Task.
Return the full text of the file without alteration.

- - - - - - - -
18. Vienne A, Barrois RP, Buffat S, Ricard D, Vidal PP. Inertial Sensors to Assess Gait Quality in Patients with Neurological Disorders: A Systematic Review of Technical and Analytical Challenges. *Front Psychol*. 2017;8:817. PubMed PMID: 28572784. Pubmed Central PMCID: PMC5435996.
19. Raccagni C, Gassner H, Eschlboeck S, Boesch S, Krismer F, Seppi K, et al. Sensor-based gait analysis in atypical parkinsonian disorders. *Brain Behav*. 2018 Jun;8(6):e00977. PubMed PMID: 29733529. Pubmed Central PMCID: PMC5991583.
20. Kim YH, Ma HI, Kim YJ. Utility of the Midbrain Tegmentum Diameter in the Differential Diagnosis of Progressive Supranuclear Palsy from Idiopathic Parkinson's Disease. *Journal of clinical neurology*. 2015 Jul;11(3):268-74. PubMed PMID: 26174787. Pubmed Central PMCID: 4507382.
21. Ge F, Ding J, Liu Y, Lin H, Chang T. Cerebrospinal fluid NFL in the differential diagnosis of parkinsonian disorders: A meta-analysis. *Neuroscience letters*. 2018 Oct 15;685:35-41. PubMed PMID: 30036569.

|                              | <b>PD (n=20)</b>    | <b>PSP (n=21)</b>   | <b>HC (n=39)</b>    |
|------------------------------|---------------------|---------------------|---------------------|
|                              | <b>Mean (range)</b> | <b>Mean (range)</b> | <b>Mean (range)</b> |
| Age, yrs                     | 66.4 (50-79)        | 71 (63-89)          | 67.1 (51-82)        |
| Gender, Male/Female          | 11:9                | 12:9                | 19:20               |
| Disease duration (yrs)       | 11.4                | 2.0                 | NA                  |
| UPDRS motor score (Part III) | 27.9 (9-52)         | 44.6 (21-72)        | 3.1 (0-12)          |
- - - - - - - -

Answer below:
18. Vienne A, Barrois RP, Buffat S, Ricard D, Vidal PP. Inertial Sensors to Assess Gait Quality in Patients with Neurological Disorders: A Systematic Review of Technical and Analytical Challenges. *Front Psychol*. 2017;8:817. PubMed PMID: 28572784. Pubmed Central PMCID: PMC5435996.
19. Raccagni C, Gassner H, Eschlboeck S, Boesch S, Krismer F, Seppi K, et al. Sensor-based gait analysis in atypical parkinsonian disorders. *Brain Behav*. 2018 Jun;8(6):e00977. PubMed PMID: 29733529. Pubmed Central PMCID: PMC5991583.
20. Kim YH, Ma HI, Kim YJ. Utility of the Midbrain Tegmentum Diameter in the Differential Diagnosis of Progressive Supranuclear Palsy from Idiopathic Parkinson's Disease. *Journal of clinical neurology*. 2015 Jul;11(3):268-74. PubMed PMID: 26174787. Pubmed Central PMCID: 4507382.
21. Ge F, Ding J, Liu Y, Lin H, Chang T. Cerebrospinal fluid NFL in the differential diagnosis of parkinsonian disorders: A meta-analysis. *Neuroscience letters*. 2018 Oct 15;685:35-41. PubMed PMID: 30036569.

|                              | <b>PD (n=20)</b>    | <b>PSP (n=21)</b>   | <b>HC (n=39)</b>    |
|------------------------------|---------------------|---------------------|---------------------|
|                              | <b>Mean (range)</b> | <b>Mean (range)</b> | <b>Mean (range)</b> |
| Age, yrs                     | 66.4 (50-79)        | 71 (63-89)          | 67.1 (51-82)        |
| Gender, Male/Female          | 11:9                | 12:9                | 19:20               |
| Disease duration (yrs)       | 11.4                | 2.0                 | NA                  |
| UPDRS motor score (Part III) | 27.9 (9-52)         | 44.6 (21-72)        | 3.1 (0-12)          |